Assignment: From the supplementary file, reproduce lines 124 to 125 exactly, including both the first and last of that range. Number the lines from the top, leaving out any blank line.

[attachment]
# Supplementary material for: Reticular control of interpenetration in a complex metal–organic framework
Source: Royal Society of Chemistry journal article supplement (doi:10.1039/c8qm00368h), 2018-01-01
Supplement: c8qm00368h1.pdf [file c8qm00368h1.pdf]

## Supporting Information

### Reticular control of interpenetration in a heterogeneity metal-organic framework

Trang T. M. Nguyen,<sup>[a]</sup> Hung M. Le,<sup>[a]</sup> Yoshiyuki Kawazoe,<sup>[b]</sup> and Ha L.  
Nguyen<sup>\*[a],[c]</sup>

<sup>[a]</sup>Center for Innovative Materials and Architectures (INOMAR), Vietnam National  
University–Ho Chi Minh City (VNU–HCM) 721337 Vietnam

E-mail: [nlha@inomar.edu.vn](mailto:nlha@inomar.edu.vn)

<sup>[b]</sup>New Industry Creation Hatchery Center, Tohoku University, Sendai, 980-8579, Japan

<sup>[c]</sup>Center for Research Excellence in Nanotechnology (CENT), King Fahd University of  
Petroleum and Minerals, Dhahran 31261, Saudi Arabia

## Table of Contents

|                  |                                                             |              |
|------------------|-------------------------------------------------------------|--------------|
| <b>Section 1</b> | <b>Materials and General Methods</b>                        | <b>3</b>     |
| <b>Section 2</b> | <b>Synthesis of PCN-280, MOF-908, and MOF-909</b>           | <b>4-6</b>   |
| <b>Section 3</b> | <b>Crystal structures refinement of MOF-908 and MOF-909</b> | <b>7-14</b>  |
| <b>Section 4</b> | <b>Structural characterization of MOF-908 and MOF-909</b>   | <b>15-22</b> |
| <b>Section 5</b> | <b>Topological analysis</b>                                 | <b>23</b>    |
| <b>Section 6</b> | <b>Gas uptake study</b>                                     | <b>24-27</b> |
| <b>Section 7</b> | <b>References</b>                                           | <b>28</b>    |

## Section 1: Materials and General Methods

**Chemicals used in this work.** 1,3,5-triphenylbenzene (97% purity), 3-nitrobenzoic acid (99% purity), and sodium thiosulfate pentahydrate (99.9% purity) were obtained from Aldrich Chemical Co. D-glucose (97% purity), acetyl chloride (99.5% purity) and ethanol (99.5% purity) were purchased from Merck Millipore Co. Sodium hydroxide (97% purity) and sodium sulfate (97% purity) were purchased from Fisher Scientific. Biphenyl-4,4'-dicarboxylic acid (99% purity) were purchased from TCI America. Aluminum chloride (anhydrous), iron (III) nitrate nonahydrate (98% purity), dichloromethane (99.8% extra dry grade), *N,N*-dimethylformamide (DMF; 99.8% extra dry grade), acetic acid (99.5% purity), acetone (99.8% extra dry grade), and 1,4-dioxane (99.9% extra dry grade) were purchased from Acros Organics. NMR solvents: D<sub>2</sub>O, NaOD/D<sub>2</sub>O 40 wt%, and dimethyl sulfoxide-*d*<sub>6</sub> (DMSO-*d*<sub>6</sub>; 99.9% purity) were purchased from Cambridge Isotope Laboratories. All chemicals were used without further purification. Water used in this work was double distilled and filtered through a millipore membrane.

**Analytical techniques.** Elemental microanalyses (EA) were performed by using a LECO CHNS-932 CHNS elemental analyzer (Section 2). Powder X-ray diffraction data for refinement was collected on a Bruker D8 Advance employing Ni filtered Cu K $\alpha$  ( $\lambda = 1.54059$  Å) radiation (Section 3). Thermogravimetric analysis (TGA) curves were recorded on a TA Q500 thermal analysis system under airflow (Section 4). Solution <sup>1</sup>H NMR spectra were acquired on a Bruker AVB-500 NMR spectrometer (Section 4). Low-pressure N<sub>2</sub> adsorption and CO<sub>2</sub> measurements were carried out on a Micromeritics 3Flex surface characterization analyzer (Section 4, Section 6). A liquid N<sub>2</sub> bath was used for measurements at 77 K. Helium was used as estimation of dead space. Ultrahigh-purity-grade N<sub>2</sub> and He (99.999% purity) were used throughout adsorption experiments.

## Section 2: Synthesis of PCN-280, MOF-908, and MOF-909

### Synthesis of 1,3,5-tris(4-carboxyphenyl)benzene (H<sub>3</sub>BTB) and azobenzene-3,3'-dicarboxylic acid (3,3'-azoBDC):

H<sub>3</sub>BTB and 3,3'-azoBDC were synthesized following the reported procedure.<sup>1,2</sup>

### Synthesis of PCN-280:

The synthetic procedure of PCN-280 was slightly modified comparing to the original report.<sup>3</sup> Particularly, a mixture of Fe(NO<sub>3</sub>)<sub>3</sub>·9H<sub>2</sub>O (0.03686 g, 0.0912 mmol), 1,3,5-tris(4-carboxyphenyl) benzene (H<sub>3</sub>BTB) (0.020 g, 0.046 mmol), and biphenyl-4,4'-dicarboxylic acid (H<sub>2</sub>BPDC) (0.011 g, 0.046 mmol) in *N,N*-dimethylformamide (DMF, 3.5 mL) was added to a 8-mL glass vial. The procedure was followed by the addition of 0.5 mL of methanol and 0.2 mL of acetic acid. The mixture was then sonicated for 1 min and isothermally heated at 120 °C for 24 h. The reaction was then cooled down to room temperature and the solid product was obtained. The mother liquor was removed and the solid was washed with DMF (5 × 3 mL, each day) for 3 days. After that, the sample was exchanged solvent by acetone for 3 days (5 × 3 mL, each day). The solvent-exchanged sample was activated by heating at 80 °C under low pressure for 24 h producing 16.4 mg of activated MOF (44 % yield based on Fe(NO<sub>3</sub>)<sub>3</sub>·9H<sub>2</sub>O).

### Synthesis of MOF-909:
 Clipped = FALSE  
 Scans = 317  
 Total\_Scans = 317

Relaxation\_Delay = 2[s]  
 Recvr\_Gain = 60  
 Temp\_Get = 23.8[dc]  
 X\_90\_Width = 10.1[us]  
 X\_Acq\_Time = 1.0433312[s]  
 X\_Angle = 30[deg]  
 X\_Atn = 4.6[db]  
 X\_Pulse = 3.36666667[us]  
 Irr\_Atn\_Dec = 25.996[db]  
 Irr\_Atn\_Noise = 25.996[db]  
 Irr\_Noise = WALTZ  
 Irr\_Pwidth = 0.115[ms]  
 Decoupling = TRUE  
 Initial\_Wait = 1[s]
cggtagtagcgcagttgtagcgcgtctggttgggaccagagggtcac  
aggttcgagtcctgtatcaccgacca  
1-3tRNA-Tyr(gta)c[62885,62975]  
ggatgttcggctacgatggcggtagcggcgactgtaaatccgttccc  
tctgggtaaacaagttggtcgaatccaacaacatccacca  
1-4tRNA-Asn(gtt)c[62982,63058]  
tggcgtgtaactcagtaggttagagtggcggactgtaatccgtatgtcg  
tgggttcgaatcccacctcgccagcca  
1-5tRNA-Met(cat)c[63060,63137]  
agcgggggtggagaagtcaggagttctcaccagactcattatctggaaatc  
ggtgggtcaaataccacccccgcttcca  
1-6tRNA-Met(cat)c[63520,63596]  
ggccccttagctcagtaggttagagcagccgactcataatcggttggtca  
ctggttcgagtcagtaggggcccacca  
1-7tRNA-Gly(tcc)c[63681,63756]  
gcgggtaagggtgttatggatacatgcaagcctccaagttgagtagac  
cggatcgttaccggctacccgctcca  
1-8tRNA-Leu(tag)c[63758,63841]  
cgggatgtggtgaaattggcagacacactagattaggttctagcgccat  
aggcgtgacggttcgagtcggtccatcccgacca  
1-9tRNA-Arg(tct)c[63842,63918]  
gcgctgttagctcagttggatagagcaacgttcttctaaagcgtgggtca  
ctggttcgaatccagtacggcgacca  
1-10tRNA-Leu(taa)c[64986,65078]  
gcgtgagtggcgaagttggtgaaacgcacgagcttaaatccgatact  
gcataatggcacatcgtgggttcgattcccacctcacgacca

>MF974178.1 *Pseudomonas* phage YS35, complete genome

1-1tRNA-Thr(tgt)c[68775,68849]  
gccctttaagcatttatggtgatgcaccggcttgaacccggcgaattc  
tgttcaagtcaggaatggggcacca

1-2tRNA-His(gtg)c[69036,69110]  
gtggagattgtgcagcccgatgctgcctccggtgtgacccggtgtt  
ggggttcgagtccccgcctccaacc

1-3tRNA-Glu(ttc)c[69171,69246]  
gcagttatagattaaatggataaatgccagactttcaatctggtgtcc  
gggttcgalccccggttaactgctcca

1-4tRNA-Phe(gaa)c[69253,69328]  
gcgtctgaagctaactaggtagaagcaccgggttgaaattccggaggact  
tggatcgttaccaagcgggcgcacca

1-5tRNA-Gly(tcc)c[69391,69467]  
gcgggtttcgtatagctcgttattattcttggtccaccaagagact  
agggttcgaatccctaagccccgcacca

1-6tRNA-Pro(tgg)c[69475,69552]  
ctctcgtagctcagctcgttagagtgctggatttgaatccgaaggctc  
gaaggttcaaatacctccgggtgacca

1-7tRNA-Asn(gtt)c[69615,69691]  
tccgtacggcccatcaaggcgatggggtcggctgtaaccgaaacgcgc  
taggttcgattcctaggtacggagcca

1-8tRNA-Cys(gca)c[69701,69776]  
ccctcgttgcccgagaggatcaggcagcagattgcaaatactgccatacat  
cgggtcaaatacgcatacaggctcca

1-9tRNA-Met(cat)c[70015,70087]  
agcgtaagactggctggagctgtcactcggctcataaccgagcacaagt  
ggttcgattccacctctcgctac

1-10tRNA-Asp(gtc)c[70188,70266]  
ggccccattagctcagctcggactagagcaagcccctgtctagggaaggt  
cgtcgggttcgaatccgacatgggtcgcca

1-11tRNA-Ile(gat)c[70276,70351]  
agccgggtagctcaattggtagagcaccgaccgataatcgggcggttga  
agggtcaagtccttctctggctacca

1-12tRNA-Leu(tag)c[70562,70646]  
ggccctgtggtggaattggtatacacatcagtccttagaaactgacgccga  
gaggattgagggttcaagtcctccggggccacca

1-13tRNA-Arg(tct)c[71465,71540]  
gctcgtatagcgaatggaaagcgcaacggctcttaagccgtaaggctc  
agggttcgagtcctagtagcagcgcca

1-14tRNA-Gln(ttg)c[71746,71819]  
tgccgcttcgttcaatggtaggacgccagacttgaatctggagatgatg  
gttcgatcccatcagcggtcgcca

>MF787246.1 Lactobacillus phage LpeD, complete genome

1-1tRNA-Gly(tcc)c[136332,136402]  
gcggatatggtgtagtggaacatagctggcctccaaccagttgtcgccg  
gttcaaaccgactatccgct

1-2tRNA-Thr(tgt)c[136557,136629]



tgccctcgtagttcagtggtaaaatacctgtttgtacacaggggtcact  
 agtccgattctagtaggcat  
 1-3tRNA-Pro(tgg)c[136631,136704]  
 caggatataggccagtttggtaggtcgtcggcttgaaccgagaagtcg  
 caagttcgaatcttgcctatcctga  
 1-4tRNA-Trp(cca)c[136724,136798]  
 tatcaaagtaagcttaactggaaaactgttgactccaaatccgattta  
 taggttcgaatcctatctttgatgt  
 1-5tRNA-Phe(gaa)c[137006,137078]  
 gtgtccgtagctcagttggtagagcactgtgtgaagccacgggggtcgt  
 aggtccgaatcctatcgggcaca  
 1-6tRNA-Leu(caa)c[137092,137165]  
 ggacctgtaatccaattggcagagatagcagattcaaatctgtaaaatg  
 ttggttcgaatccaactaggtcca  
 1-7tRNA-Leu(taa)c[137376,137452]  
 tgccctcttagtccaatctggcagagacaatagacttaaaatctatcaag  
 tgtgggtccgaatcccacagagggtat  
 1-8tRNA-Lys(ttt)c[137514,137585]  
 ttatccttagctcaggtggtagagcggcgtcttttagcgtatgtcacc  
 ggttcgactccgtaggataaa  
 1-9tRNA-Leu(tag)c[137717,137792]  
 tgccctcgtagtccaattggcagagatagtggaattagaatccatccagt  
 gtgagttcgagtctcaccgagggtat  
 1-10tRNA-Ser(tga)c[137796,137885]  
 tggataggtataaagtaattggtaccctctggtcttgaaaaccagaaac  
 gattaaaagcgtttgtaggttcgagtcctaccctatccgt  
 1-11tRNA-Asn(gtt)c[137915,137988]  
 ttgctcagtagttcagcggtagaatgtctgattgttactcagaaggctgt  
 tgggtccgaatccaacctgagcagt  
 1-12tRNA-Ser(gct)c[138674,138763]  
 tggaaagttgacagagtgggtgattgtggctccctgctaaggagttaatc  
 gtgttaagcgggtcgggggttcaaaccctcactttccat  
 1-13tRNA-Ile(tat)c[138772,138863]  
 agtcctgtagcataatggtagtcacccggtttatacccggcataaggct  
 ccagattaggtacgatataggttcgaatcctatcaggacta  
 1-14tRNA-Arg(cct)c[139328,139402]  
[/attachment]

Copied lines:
tgccctcgtagttcagtggtaaaatacctgtttgtacacaggggtcact  
 agtccgattctagtaggcat  